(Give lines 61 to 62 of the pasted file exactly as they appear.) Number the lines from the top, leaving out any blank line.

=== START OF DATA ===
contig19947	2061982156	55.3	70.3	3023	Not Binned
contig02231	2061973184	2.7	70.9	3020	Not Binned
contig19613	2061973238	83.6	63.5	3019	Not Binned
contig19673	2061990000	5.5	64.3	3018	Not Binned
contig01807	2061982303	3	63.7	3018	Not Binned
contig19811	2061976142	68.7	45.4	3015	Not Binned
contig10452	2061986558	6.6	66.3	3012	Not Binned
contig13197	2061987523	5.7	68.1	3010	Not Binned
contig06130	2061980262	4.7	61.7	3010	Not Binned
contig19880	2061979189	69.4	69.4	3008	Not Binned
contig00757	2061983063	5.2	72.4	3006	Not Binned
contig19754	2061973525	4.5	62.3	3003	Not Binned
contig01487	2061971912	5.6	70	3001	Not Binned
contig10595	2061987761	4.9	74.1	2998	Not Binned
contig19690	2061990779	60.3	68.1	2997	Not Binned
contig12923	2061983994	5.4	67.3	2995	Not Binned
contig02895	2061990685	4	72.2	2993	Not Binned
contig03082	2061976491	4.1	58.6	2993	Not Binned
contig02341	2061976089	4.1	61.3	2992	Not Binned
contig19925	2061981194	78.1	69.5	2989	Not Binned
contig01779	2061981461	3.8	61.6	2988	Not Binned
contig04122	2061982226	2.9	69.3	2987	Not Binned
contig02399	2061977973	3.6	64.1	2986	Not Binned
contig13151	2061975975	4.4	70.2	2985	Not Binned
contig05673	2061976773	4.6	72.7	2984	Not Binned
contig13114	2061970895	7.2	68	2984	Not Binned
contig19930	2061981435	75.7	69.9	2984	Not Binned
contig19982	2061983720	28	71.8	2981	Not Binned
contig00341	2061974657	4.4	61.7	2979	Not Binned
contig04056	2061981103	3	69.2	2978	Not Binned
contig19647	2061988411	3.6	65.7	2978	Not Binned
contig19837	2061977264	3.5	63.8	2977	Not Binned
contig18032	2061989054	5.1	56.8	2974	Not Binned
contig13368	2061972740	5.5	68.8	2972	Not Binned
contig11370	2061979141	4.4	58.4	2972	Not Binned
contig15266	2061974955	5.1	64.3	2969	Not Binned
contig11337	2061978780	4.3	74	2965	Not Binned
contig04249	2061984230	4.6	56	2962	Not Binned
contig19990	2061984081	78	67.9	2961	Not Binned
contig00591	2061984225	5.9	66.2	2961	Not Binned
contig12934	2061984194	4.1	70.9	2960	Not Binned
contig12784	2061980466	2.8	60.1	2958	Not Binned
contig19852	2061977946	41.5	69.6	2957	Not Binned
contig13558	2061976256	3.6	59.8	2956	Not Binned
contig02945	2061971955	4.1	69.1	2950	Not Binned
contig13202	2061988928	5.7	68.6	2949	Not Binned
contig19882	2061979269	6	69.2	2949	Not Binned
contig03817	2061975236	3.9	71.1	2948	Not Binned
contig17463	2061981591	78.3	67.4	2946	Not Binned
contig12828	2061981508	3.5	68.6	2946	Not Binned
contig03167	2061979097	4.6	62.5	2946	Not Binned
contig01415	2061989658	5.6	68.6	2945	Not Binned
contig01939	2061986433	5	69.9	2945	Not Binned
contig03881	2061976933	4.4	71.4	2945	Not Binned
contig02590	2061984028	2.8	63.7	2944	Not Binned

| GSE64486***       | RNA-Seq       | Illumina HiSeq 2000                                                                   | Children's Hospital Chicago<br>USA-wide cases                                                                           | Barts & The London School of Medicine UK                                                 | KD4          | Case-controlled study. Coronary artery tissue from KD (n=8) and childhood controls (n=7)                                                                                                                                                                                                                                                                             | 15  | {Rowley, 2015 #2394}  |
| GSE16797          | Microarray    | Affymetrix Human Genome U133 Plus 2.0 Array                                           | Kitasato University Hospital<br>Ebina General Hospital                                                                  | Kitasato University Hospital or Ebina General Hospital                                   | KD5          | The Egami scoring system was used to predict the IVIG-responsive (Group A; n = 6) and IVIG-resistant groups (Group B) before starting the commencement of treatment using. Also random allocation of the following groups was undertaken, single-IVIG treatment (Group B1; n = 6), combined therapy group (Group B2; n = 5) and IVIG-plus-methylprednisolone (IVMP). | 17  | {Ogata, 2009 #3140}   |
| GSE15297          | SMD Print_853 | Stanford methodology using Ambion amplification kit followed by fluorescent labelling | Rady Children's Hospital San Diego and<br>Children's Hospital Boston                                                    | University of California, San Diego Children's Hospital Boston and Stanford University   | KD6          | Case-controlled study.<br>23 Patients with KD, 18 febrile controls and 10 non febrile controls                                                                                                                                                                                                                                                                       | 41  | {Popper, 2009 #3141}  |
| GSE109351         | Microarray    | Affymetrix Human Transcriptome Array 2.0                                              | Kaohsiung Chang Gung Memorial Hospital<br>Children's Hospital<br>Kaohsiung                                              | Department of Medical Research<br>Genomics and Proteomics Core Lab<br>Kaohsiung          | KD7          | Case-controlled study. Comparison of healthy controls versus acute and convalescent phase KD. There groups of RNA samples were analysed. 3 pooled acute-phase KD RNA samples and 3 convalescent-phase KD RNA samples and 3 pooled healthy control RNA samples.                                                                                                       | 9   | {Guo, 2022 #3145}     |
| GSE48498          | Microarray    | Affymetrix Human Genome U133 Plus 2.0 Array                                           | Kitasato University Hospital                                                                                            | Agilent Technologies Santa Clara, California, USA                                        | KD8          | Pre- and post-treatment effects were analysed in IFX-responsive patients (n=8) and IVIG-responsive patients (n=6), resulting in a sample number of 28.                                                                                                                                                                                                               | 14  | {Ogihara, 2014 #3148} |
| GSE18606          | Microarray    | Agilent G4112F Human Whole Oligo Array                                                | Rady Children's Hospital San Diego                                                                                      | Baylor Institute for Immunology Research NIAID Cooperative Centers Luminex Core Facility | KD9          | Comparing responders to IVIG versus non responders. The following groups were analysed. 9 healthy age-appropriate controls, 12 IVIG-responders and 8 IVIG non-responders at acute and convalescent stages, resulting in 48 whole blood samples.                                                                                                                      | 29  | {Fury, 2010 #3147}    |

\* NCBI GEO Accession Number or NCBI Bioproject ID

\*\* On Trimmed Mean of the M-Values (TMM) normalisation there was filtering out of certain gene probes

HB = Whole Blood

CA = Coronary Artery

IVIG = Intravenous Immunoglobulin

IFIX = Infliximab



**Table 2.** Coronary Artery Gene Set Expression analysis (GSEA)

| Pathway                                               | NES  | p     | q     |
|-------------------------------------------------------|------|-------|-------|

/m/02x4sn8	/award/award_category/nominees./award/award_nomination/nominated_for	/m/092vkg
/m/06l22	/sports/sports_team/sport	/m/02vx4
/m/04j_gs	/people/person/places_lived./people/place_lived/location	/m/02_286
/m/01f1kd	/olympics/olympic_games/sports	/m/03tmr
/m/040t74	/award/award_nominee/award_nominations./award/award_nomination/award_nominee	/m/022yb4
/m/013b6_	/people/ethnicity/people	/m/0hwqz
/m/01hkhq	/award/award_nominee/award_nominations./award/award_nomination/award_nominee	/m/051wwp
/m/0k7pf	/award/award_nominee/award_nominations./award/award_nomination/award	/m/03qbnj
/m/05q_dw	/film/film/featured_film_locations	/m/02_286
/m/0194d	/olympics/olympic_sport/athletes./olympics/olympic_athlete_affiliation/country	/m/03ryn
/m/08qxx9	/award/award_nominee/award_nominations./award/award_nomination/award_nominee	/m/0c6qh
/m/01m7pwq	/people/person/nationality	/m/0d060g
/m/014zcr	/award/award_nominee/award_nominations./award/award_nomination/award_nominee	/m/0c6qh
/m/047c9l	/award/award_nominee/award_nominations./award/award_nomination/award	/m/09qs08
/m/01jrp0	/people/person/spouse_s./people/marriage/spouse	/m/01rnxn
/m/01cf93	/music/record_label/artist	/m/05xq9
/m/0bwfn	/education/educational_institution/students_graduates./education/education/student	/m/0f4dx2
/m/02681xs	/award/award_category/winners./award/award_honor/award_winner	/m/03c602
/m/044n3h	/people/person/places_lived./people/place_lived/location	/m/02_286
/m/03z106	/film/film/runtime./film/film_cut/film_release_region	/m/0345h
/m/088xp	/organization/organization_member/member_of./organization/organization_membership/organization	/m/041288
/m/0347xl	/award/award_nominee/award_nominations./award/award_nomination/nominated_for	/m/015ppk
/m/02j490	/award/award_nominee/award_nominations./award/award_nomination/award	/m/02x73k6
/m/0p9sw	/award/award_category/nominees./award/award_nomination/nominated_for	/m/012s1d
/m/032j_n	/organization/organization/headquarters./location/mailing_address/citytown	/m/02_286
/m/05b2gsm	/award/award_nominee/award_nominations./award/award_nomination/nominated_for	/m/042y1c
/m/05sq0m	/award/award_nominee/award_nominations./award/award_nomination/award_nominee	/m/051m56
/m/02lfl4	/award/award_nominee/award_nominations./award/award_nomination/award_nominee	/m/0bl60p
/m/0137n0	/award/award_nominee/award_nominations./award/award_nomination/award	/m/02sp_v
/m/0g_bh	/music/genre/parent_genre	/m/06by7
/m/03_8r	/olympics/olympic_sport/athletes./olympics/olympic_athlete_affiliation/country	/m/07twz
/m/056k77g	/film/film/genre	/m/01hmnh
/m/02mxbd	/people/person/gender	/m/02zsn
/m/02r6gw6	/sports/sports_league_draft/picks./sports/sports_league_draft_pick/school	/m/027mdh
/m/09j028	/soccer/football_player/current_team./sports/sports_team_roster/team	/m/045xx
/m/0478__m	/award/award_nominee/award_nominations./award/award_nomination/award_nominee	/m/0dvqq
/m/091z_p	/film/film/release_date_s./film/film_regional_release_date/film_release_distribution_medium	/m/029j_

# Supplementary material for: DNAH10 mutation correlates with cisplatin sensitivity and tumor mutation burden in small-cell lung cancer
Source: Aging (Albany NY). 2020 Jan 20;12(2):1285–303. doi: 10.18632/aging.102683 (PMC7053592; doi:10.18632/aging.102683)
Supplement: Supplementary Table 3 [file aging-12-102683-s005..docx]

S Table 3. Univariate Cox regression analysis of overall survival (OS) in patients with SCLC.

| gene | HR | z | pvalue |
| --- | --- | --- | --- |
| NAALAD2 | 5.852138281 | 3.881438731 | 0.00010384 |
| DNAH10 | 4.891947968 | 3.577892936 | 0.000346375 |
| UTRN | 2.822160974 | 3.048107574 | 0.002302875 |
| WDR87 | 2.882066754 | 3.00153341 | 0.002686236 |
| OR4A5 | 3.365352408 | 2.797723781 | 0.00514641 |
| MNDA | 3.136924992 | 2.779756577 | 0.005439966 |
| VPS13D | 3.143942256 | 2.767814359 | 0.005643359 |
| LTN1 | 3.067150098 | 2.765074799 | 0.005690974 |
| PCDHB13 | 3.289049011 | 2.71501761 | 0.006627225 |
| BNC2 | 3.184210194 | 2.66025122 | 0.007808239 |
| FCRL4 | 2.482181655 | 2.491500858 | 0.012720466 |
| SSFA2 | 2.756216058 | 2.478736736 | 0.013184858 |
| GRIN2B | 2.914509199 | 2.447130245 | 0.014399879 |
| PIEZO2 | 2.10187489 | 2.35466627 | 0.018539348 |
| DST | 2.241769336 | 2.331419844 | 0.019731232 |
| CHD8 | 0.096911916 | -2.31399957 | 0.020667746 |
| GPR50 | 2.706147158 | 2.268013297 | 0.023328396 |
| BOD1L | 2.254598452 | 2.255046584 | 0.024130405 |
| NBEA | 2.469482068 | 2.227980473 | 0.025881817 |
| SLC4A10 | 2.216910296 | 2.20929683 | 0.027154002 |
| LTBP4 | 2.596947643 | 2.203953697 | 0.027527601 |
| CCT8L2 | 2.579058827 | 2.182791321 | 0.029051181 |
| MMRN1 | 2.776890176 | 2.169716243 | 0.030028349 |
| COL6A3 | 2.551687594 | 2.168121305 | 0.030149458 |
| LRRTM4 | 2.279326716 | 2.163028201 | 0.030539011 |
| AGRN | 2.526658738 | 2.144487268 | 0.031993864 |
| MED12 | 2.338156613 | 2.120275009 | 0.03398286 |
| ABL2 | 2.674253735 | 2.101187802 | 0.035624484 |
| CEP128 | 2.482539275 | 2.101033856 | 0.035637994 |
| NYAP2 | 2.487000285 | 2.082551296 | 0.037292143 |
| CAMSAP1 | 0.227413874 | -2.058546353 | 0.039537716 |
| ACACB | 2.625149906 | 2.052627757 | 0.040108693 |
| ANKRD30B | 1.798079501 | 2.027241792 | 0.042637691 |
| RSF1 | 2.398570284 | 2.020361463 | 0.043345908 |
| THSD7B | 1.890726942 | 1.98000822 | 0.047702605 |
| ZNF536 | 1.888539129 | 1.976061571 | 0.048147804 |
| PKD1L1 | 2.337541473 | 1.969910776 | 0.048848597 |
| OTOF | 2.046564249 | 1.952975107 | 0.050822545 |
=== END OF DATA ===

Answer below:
| GSE18606          | Microarray    | Agilent G4112F Human Whole Oligo Array                                                | Rady Children's Hospital San Diego                                                                                      | Baylor Institute for Immunology Research NIAID Cooperative Centers Luminex Core Facility | KD9          | Comparing responders to IVIG versus non responders. The following groups were analysed. 9 healthy age-appropriate controls, 12 IVIG-responders and 8 IVIG non-responders at acute and convalescent stages, resulting in 48 whole blood samples.                                                                                                                      | 29  | {Fury, 2010 #3147}    |

\* NCBI GEO Accession Number or NCBI Bioproject ID